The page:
• “Build a Drupal site in 20-minutes” by @batje
  • “Geek girls in Nairobi” by the Akirachix
  • Explaining the Kenya ICT Board $3m grant by @Kaburo
  • Google Geo API

The $4 Million Kenya ICT Board Grant

“US$ 4 Million of the proceeds for Grant Applications for the development of digital content and software applications.”

It was announced 10 days ago, and there are already 500+ applications. Final applications are due by July 19, 2010.

$10k for individuals and $50k for organizations. That is a Kenyan citizen and above 18 years old, for companies, you have to be registered in Kenya. You have to show your resume/CV for the leadership team.

The application can be done online.

Two main areas of the grant:

  1. Government services and applications (5 ministries)
  2. Any innovative ideas around digital content and software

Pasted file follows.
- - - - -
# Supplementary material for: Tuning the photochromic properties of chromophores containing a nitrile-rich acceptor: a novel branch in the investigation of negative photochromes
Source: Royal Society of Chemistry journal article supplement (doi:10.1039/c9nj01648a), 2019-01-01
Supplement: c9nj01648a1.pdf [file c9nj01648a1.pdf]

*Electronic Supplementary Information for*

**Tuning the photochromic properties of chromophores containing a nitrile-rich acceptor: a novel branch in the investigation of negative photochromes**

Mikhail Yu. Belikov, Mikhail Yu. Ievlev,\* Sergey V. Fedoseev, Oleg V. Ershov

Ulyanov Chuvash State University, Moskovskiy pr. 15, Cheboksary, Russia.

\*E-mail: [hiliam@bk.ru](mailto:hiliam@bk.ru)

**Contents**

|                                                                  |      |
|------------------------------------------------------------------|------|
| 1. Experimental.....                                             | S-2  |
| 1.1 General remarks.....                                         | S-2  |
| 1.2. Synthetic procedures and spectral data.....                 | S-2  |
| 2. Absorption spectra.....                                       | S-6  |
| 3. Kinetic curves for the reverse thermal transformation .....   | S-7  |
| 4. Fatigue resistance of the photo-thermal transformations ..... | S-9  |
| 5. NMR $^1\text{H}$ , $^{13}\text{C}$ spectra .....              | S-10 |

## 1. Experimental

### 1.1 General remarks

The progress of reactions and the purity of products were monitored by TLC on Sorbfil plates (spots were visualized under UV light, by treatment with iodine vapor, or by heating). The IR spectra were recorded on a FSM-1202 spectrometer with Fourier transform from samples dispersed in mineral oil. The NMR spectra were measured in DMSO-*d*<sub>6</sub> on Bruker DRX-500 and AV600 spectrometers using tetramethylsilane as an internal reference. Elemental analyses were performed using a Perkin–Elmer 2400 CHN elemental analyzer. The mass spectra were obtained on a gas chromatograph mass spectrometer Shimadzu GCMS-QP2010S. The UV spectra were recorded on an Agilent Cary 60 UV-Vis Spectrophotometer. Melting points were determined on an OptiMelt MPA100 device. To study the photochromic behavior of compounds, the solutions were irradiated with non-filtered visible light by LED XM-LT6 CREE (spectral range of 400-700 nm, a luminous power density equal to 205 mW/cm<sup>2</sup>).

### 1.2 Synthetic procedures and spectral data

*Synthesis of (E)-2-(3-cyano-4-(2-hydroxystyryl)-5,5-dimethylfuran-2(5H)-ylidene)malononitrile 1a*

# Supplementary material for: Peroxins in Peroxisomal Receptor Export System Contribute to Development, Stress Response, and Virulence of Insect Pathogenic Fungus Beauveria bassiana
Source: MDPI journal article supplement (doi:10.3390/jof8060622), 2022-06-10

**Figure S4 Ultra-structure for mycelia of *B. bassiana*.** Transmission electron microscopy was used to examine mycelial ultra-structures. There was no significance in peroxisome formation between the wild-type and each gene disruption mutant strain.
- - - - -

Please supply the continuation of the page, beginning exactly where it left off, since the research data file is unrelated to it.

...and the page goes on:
The first 46 grants will be handed out to both private and public sector ideas and applications. More grants will be given out to companies (30) than private individuals (16), but there will be an equal split between the two groupings.

Grants announced on August 15th, 2010, at which point they will be working on contracts. The grant will be given out in 3-4 tranches, starting in October 2010. The funds have to be spent within 12 months. There will only be 46 grants given out this year (2010).

A single company can apply in multiple rounds for a grant, but will only be given one grant per round.

What protection will your idea be given? The team looking at and reviewing/judging the applications will be signing NDAs. There are 9 judges who will decide the winning proposals, and they do plan on sharing the names of those individuals.

Some people are worried that if they have a new idea, and they’re working for a company, that that company will own it and not them. Kaburo Kobia is suggesting that if they believe that is really the case, then the individuals should break away before then.